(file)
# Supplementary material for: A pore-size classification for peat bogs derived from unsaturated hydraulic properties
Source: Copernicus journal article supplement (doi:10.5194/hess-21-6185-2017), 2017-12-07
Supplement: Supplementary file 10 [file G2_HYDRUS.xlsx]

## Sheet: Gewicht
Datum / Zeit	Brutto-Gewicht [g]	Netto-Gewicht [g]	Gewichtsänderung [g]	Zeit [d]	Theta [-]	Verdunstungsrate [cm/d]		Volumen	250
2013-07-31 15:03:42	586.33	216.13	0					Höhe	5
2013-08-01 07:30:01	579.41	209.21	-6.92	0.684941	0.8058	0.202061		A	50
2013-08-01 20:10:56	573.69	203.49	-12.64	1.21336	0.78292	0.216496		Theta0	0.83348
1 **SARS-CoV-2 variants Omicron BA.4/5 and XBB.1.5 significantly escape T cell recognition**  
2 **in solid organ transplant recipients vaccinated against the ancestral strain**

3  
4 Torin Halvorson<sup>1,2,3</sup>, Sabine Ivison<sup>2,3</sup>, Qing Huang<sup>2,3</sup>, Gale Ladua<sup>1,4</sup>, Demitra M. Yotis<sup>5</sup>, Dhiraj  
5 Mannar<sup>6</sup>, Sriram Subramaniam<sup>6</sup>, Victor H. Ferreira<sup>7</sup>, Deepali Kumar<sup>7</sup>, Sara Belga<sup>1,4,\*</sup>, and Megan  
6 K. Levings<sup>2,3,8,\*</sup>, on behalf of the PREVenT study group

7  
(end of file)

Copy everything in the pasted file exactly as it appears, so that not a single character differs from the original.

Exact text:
# Supplementary material for: A pore-size classification for peat bogs derived from unsaturated hydraulic properties
Source: Copernicus journal article supplement (doi:10.5194/hess-21-6185-2017), 2017-12-07
Supplement: Supplementary file 10 [file G2_HYDRUS.xlsx]

## Sheet: Gewicht
Datum / Zeit	Brutto-Gewicht [g]	Netto-Gewicht [g]	Gewichtsänderung [g]	Zeit [d]	Theta [-]	Verdunstungsrate [cm/d]		Volumen	250
2013-07-31 15:03:42	586.33	216.13	0					Höhe	5
2013-08-01 07:30:01	579.41	209.21	-6.92	0.684941	0.8058	0.202061		A	50
2013-08-01 20:10:56	573.69	203.49	-12.64	1.21336	0.78292	0.216496		Theta0	0.83348
1 **SARS-CoV-2 variants Omicron BA.4/5 and XBB.1.5 significantly escape T cell recognition**  
2 **in solid organ transplant recipients vaccinated against the ancestral strain**

3  
4 Torin Halvorson<sup>1,2,3</sup>, Sabine Ivison<sup>2,3</sup>, Qing Huang<sup>2,3</sup>, Gale Ladua<sup>1,4</sup>, Demitra M. Yotis<sup>5</sup>, Dhiraj  
5 Mannar<sup>6</sup>, Sriram Subramaniam<sup>6</sup>, Victor H. Ferreira<sup>7</sup>, Deepali Kumar<sup>7</sup>, Sara Belga<sup>1,4,\*</sup>, and Megan  
6 K. Levings<sup>2,3,8,\*</sup>, on behalf of the PREVenT study group

7  